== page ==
Based on Sui Ishida’s acclaimed manga series of the same name, Tokyo Ghoul tells the story of Ken Kaneki (Masataka Kubota), a stereotypically nerdy and weak young man who, after a date-gone-wrong, gets turned into a ‘Ghoul’. Ghouls resemble humans exactly, but cannot live off a human diet, and must eat other humans or ghouls to survive.
Thus begins one of the film’s central conflicts: how Kaneki can survive in his new state without succumbing to ghoul behaviour. Kaneki’s state of mind is well-portrayed by Kubota who has a fantastic grasp of all the emotions the newly-converted ghoul is going through.
Luckily Kaneki is helped along the way by a group of ‘friendly’ ghouls called Anteiku, who try to satiate their hunger in more peaceful ways, like only eating humans who have committed suicide. Anteiku also shields ghouls from the Commission of Counter Ghoul (CCG), a government agency tasked with searching for and neutralising the species. The juxtaposition between the two factions asks an important moral question of the audience: just who are the good guys here?
And when the CCG start chasing a young female ghoul after brutally murdering her mother in front of her eyes, Kaneki and his female companion/love interest Tōuka Kirishima (Fumika Shimizu) decide to take action.
Unfortunately the drama here is impacted by two things: firstly Shimizu’s performance is not up to the standard of Kubota’s as Kaneki. Far from his wide range of emotions, she remains decidedly one dimensional throughout. And one dimensional is the perfect word to describe the primary antagonist of the film, Kureo Mado. Resembling a sort of hybrid between Light Yagami and L from Death Note, Mado delves into ‘crazed and merciless government official’ territory too often, and his hammy performance never seems threatening. Ditto with his CCG partner Kōtarō Amon who, despite being more emotionally complex, is even less of a challenge for our heroes.
A reason for this is the ghoul’s use of Kagune, organic weapons unique to each ghoul. These are incredible powerful offensive tools, and while the CCG have their own counter for these, once Kaneki and Tōuka get going there’s really no doubt of the outcome.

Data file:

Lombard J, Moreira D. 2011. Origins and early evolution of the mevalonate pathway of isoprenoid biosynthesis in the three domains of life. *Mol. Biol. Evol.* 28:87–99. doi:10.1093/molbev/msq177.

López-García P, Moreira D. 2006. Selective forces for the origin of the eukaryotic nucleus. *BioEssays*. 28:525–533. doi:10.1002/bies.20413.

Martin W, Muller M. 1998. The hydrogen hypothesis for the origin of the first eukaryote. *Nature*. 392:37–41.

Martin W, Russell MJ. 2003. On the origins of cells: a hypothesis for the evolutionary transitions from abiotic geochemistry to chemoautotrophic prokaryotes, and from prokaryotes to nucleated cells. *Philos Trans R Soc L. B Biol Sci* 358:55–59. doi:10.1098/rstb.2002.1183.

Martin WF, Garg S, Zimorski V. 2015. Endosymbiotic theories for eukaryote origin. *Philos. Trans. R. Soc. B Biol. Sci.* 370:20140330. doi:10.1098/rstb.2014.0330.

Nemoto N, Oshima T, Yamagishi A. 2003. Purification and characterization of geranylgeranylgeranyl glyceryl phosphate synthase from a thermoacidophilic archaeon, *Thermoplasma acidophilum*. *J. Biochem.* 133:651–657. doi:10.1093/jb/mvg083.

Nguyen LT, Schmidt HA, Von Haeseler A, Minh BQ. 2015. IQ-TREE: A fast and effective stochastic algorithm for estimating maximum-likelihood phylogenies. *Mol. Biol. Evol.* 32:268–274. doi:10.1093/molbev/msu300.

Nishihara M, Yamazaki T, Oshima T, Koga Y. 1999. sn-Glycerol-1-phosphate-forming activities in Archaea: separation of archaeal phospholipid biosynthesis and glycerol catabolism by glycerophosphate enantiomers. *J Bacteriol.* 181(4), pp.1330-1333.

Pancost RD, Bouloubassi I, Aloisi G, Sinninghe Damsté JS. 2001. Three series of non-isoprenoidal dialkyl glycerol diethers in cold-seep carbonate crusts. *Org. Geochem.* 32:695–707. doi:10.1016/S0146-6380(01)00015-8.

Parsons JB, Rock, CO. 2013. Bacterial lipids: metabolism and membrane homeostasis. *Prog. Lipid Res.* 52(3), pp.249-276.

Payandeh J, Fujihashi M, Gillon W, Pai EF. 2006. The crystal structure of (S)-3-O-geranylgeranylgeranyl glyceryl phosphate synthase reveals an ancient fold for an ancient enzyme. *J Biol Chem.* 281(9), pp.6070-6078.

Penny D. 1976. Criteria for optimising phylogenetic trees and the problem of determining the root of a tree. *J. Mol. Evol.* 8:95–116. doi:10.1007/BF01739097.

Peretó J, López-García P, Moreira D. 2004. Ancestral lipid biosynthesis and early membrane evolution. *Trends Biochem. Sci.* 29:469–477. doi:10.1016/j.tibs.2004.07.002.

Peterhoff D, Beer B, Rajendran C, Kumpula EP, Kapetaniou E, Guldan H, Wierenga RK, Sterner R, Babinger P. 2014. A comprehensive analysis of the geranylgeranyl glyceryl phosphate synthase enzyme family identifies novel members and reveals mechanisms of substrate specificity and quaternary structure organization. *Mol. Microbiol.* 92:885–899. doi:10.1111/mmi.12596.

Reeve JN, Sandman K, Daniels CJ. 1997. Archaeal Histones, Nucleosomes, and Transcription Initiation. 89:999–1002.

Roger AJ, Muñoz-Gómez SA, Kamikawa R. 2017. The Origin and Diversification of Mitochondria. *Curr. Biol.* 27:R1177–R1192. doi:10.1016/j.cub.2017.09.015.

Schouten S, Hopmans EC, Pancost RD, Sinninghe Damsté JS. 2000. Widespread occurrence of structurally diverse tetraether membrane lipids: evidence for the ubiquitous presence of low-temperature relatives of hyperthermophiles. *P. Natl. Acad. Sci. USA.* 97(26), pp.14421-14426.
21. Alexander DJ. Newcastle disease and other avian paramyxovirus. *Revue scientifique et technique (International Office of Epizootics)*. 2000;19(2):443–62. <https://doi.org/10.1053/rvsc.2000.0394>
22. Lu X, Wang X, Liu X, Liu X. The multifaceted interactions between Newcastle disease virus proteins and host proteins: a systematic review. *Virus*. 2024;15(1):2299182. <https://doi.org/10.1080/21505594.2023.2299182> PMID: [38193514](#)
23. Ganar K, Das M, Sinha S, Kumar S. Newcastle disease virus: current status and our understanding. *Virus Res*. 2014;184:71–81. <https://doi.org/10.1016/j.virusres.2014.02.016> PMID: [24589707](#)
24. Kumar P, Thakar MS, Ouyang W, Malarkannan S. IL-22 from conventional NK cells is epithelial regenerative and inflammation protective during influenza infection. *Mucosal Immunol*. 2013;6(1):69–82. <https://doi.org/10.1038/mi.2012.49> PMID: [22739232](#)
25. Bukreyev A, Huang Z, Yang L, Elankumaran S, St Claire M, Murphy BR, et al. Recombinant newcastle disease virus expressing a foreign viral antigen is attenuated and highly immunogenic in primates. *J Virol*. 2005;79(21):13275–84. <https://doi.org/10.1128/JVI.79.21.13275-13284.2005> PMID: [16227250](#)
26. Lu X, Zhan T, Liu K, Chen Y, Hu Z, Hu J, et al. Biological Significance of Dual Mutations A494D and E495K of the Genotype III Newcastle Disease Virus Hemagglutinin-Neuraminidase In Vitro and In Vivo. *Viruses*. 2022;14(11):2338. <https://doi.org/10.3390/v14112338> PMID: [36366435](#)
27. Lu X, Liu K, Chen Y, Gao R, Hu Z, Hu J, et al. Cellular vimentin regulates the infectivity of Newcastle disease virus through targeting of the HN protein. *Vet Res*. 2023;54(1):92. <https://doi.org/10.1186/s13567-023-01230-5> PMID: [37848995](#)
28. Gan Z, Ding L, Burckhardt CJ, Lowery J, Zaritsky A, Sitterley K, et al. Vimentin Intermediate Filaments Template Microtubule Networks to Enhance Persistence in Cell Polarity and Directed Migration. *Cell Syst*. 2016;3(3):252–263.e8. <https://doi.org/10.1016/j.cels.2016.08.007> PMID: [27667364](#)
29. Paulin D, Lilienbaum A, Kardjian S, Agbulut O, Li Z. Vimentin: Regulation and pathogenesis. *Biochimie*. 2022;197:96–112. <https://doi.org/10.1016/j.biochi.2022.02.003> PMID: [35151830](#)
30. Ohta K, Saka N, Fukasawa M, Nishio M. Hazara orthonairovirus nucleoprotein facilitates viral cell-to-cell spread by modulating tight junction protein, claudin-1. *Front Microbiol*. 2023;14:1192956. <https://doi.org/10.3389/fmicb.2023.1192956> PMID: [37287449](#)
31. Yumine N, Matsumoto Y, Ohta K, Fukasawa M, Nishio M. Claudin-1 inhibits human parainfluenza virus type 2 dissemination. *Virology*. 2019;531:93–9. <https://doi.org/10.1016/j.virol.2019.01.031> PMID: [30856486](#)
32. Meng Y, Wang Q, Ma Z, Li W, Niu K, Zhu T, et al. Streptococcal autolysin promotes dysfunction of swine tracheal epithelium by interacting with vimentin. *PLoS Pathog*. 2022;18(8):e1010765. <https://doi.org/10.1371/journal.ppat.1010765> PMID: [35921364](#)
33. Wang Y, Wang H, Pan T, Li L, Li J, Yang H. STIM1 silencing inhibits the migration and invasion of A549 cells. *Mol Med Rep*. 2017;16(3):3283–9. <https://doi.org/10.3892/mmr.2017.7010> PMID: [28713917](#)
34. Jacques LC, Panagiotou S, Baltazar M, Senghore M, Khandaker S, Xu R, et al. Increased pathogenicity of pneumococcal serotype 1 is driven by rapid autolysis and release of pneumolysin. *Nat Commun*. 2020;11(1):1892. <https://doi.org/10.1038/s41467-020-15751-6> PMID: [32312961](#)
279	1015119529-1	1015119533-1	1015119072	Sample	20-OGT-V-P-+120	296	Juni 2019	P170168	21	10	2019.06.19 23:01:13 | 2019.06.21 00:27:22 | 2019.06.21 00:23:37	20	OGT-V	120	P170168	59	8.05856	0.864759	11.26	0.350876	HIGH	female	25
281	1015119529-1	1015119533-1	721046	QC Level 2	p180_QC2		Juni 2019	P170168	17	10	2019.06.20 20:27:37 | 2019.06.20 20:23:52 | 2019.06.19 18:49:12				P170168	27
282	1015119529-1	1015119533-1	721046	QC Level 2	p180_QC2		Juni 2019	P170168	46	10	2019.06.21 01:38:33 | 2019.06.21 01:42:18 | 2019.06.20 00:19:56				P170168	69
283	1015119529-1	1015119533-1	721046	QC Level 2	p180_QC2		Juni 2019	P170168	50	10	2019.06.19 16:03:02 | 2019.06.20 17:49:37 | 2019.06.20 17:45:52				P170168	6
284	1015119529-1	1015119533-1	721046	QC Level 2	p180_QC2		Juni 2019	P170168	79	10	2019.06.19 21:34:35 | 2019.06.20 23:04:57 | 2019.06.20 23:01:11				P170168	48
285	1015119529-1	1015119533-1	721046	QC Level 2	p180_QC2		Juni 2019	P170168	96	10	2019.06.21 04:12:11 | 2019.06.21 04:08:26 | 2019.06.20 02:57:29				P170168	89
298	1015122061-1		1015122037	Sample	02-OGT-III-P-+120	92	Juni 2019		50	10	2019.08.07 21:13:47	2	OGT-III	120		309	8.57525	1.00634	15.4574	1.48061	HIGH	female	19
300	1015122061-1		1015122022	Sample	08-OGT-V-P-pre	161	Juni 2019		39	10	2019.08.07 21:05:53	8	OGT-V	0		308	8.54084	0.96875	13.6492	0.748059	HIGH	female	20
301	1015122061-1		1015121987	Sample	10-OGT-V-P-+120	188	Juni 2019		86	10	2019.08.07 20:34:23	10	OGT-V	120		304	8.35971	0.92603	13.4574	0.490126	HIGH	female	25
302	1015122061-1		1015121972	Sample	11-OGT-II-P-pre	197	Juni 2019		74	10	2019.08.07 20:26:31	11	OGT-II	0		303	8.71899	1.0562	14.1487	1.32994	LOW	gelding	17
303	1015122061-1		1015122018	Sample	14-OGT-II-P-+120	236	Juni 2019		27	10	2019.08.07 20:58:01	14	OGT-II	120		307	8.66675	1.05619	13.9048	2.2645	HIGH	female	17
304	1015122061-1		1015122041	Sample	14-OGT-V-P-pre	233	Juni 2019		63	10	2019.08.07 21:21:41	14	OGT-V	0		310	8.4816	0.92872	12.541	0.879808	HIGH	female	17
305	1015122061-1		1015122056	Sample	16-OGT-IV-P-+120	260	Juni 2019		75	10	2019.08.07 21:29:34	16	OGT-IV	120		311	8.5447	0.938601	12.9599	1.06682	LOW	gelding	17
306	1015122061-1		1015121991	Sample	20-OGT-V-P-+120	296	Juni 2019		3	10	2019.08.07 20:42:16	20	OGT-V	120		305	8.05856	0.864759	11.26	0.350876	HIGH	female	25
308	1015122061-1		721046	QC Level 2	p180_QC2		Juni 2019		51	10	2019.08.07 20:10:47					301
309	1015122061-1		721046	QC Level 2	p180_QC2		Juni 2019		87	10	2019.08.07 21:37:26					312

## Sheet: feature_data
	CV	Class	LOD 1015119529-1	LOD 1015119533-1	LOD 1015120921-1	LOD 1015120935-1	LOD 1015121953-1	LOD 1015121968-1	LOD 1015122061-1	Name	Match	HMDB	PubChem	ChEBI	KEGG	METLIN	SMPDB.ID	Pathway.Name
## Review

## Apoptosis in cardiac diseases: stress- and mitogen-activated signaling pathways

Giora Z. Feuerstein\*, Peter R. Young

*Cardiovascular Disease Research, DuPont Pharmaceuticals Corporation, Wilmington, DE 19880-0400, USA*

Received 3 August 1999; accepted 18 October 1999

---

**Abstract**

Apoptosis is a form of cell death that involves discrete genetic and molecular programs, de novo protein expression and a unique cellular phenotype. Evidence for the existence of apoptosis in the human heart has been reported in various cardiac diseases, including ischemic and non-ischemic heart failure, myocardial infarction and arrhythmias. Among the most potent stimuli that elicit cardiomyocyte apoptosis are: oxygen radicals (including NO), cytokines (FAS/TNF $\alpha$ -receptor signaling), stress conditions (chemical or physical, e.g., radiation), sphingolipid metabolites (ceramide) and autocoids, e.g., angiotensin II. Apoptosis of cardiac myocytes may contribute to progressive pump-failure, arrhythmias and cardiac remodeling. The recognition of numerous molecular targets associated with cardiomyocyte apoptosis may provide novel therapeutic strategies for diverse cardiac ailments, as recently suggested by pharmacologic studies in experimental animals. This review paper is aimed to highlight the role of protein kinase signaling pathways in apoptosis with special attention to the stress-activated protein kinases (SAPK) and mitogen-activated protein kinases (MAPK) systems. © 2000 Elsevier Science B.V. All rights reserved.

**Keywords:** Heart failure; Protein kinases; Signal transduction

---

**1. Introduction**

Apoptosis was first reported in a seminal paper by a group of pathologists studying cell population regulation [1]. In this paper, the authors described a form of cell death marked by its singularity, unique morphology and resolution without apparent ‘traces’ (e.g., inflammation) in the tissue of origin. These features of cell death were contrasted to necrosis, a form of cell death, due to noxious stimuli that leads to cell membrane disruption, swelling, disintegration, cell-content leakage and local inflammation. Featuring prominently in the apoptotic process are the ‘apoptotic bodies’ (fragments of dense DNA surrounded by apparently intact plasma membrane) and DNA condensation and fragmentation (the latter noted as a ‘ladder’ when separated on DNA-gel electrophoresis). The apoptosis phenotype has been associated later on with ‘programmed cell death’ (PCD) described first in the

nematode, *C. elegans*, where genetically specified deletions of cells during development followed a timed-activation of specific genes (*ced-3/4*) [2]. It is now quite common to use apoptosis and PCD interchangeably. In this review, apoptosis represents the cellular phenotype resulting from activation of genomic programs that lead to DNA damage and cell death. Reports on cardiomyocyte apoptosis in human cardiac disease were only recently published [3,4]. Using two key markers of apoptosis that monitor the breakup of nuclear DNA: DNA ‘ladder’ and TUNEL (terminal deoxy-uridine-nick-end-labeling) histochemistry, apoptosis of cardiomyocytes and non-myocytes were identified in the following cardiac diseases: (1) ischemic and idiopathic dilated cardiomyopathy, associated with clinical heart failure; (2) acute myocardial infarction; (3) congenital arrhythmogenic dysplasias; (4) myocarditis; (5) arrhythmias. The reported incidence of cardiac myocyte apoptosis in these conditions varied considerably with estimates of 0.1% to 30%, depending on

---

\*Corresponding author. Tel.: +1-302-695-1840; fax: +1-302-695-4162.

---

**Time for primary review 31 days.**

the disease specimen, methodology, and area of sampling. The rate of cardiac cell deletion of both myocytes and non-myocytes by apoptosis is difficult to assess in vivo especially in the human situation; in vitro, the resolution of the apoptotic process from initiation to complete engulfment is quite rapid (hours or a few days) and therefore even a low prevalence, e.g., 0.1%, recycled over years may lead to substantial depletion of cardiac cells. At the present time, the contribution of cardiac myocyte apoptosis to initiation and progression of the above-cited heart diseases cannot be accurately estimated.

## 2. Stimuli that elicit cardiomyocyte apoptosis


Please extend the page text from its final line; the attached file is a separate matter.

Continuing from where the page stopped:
The Kagune themselves were an anticipated part of the film, fans were excited to see how they would be translated to live action, and the results are mixed. While it is undoubtedly awesome to see these powers in a real-world setting, they often seem a little off in action: the camera work speeds up or slows down too much and they don’t look natural to the eyes. Credit to the animators for the designs though, when the action stops and the Kagune can be appreciated they look great.
The cinematography on the whole in the film is impressive. Camera operators know just how to manipulate the viewer’s emotions, making us feel Kaneki’s claustrophobic loneliness by trapping the narrative in his dark, cramped flat, and providing a sigh of relief when Kaneki is welcomed into Anteiku’s warm and spacious coffee shop. These are simple shot techniques that nonetheless work well in a film that shifts its tone frequently. This also extends to the camera work with characters, especially Kaneki who we see in numerous close ups to resonate his changing emotional state.
Music in the film was composed by Don Davis of The Matrix fame, whose moody and subdued score only really gets going in the final act of the film. Fortunately the sound design stands up much better under scrutiny: Kagune powers sound just as visceral and dynamic as you’d expect, and well-placed environmental cues are chosen to help build tension.
While it doesn’t break any ground in the Japanese horror landscape, Tokyo Ghoul is a very worthy two hours of your time, providing enough gore, action, and surprising emotion for manga fans and newcomers alike.
VERDICT: Kentarō Hagiwara’s Tokyo Ghoul is sure to please viewers. Fans of the manga will find reverence and respect for the source material in the film, while new viewers can appreciate the unique tone and dilemma of Kaneki’s journey. Special effects and certain characters can be hammy, and the film lies in a confusing mix of genres, but it is very hard to go into this and not have a good time. Just make sure you can handle all the blood that will be thrown at you!